International Labor & Employment Law Committee Newsletter

Issue: July 2012

Editor: Tim Darby | European Editor: Paul Callaghan | Canada Editor: Gilles Touchette | Asia and Oceania Editor: Ute Krudewagen


Companies Do Not Have to Offer a Job Outside France to an Employee That Does Not Speak the Language of the Country Concerned

Agnes Aknin Erovic, JeantetAssocies, Paris, France

When an employee does not speak the language of the country in which an alternative job position is available, the employer is under no obligation to make an offer for this particular job when the employer is required under French law to try to find and find alternative work for an employee proposed for termination, the French Supreme Court has ruled.1

However, the court warned that it is up to the employer to prove that working in foreign language is necessary to fulfil the job abroad. Should the employer fail to bring this evidence to the court, the employer will be deemed to be in breach of its redeployment obligation and will be condemned to pay damages to the employee.

In the case at issue, an employee had challenged his termination on the grounds that his former employer failed to offer him a job position located in a German affiliate although he had the skills for doing the job.  The employee did not speak German.

Dismissal is considered by French courts as a tactic of last resort; before dismissing an employee, the employer must try and find alternative work for the employee proposed for termination. The search must be conducted both in affiliates located in France and outside the country. The proper procedure is for a company to make written enquiries in France and to its affiliates in the other jurisdictions, outlining the skills of the employee who is likely to be terminated and asking if any suitable openings exist, requesting written responses.

1French Supreme Court, May 10, 2012- n°11-12.496.

Naming a Folder in a Computer "My File" Is Insufficient to Invoke Employee Privacy Protections

Agnes Aknin Erovic, JeantetAssocies, Paris, France

Naming a folder "My files" does not suffice to protect it under employee privacy law because an employer could reasonably consider in good faith that "My files" means "My professional files" and the employer has legitimate access to professional files, the French Supreme Court has ruled.1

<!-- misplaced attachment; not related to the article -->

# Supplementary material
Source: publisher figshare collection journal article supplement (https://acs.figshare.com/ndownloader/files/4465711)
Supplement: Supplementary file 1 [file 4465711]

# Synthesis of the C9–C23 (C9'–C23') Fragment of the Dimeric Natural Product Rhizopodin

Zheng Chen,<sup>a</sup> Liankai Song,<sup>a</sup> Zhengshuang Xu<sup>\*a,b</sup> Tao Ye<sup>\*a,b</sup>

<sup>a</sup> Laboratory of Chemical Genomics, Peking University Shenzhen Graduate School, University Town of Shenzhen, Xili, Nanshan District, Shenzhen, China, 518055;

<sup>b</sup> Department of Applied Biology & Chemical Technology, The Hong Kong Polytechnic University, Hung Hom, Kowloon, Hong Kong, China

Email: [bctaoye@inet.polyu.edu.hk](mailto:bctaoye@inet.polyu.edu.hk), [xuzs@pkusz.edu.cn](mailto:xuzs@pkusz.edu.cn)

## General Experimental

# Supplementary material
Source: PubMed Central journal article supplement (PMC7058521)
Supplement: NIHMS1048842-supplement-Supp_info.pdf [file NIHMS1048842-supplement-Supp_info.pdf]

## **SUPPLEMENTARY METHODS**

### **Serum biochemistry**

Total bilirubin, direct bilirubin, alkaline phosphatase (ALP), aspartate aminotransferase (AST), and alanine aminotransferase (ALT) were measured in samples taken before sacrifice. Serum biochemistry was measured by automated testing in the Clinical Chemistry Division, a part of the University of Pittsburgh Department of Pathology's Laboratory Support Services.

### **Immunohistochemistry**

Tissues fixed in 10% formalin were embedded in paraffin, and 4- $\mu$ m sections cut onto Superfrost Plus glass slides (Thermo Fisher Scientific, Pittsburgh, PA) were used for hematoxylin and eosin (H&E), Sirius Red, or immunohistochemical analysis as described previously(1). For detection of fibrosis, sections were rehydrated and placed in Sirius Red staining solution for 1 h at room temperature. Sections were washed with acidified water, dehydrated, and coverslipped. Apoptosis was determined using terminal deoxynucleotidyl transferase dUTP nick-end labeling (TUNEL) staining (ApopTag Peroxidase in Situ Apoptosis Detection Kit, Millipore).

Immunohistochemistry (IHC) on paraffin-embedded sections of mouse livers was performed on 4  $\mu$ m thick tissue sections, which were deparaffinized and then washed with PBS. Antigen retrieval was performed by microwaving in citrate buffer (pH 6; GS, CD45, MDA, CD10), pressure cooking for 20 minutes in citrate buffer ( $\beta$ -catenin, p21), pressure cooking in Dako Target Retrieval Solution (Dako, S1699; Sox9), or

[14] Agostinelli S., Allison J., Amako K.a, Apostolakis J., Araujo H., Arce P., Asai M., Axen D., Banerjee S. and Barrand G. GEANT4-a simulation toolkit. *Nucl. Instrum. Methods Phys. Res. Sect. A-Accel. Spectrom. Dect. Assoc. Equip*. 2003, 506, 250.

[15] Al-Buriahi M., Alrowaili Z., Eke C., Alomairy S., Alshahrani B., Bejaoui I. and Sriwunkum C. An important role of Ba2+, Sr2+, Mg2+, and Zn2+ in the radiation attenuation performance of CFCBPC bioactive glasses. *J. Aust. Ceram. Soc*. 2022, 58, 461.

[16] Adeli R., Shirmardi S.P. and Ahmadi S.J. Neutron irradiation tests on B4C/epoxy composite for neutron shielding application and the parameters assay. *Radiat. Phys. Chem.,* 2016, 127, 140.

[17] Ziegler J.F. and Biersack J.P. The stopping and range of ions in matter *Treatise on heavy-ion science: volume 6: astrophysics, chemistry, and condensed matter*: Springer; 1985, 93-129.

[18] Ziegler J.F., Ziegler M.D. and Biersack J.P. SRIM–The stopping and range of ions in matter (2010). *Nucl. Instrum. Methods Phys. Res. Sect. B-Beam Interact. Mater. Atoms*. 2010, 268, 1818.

In a similar ruling rendered on December 15, 2009,2 the Supreme Court decided that putting initials on a folder is not enough to make it private.

Since the Nikon case that gave rise to an important decision on October 2, 20013 by the French Supreme Court, French courts have uniformly ruled that employees have the right to make reasonable personal use of the employer's professional tools. As a result, an employer cannot have access to the personal messages sent or received by the employee via a company's computer, even though the employer's policy prohibits the use of company's computers for private reasons. However, employees' right to privacy is not absolute. The employer is allowed to access files contained on the hard drive of the office computer of the employee when the files are not clearly identified by that employee as "personal". In short, documents in a folder that cannot be identified as "personal" will be considered as professional and the employer will be allowed to view them.

In the May 2012 case, an employer opened an employee's folder entitled "My files" without notice to the employee in question and discovered pornographic photographs. Based on the information thus discovered, the employer dismissed the employee for gross fault. The Supreme Court rejected the employee's claim that he should not have been dismissed because the folder name clearly indicated that the contents were personal, not professional, and the employer should not have accessed them.

1French Supreme Court, May 10, 2012, n°11-13884.

2French Supreme Court, December 15, 2009, n°07-44264

3French Supreme Court October 2, 2001, 99-42942

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